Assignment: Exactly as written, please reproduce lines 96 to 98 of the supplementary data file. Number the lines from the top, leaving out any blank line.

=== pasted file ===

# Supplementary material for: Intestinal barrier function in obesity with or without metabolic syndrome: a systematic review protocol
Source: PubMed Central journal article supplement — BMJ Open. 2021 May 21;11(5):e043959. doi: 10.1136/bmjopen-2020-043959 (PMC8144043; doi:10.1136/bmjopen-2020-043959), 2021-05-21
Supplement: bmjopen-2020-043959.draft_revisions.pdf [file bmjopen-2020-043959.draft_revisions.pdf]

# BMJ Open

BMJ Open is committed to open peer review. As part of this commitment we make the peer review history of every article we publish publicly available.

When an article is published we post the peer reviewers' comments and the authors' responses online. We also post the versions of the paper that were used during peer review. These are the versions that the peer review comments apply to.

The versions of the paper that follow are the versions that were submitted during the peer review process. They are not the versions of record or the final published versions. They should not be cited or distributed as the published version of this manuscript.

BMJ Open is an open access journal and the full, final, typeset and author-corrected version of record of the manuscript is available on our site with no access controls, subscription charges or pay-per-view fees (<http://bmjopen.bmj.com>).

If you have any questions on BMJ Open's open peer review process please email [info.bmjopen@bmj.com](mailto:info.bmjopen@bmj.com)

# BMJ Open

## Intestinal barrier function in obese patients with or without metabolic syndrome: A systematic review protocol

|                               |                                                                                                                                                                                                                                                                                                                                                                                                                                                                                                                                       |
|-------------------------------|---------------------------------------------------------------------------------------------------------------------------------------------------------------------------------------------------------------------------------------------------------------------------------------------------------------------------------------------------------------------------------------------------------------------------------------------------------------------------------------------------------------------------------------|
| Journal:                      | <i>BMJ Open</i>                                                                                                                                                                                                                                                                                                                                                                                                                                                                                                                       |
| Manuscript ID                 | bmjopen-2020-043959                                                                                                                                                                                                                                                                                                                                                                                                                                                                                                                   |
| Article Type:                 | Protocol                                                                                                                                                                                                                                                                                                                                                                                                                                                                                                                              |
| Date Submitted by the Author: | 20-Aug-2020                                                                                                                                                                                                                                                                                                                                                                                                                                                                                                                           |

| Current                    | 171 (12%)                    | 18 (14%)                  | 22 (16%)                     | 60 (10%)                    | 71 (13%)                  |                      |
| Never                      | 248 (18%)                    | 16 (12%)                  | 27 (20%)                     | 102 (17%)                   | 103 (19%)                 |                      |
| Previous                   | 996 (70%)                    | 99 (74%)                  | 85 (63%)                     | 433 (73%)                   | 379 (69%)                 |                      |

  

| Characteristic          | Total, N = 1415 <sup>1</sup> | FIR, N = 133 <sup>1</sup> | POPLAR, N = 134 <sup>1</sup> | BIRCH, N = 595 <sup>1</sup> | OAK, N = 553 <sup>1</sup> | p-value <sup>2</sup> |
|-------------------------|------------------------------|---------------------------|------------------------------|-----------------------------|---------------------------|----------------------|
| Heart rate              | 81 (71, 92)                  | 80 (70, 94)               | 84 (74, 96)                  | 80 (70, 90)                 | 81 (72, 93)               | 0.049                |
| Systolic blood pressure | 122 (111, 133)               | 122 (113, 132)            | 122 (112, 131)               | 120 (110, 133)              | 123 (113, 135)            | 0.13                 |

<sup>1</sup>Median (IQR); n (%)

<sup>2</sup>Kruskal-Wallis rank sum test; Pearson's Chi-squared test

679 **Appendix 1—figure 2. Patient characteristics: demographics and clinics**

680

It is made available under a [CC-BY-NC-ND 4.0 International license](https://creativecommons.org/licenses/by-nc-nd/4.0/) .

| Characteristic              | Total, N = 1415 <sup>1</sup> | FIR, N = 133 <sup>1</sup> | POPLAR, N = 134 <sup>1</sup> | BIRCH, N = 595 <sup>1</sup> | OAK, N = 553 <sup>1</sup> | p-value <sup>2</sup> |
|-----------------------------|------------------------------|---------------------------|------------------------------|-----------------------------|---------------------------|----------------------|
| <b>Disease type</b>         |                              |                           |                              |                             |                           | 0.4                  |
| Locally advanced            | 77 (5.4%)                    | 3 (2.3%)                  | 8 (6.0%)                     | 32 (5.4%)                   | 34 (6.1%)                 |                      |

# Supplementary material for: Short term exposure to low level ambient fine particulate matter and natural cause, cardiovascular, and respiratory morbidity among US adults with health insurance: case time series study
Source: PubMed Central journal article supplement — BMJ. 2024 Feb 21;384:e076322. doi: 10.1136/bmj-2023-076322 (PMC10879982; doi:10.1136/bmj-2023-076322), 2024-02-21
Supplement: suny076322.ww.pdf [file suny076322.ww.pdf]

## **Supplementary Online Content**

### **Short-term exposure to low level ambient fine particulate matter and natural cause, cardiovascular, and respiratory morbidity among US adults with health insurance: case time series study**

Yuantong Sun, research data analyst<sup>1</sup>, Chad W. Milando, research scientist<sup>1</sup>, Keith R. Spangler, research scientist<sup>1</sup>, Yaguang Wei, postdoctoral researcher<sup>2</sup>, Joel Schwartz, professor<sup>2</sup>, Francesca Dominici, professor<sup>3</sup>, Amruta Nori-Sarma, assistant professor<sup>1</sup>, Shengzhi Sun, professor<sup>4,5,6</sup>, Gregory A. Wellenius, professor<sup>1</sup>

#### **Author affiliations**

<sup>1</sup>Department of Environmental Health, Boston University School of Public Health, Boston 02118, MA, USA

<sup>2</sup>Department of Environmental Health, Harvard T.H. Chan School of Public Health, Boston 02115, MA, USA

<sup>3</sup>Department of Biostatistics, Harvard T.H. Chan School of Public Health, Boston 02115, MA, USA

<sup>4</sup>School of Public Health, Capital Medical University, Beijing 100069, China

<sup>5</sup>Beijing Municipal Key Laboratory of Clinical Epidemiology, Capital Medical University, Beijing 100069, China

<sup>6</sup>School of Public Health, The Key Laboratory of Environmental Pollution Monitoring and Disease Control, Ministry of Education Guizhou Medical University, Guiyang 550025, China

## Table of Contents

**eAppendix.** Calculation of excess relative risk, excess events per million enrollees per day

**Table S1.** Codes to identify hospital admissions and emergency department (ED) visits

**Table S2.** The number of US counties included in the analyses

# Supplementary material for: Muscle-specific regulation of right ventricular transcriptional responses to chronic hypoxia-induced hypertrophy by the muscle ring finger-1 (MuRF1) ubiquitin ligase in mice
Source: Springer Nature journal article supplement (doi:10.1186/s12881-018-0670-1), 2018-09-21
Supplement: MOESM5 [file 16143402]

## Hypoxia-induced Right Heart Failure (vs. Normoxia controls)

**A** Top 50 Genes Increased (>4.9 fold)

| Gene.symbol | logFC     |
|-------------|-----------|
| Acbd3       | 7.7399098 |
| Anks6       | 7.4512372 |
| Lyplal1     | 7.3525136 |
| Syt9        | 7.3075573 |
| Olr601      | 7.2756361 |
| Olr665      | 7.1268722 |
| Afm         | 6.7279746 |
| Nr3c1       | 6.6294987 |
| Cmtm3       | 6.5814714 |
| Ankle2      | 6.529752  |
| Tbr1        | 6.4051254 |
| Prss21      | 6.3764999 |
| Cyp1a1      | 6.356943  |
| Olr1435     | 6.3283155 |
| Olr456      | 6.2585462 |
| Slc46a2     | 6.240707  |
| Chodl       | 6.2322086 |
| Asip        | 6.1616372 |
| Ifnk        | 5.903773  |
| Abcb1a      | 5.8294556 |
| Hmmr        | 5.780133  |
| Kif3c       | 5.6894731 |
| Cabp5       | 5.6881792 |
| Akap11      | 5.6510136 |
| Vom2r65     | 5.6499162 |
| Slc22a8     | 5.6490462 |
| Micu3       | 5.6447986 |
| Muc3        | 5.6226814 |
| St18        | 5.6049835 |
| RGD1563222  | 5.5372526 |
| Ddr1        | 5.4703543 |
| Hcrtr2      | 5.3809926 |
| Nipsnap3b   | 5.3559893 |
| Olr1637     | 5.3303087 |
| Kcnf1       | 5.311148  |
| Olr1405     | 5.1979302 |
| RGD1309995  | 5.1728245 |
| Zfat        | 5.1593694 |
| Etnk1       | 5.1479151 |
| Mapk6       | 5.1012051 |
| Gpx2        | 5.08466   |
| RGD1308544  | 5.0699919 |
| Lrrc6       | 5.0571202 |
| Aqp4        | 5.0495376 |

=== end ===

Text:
| Etnk1       | 5.1479151 |
| Mapk6       | 5.1012051 |
| Gpx2        | 5.08466   |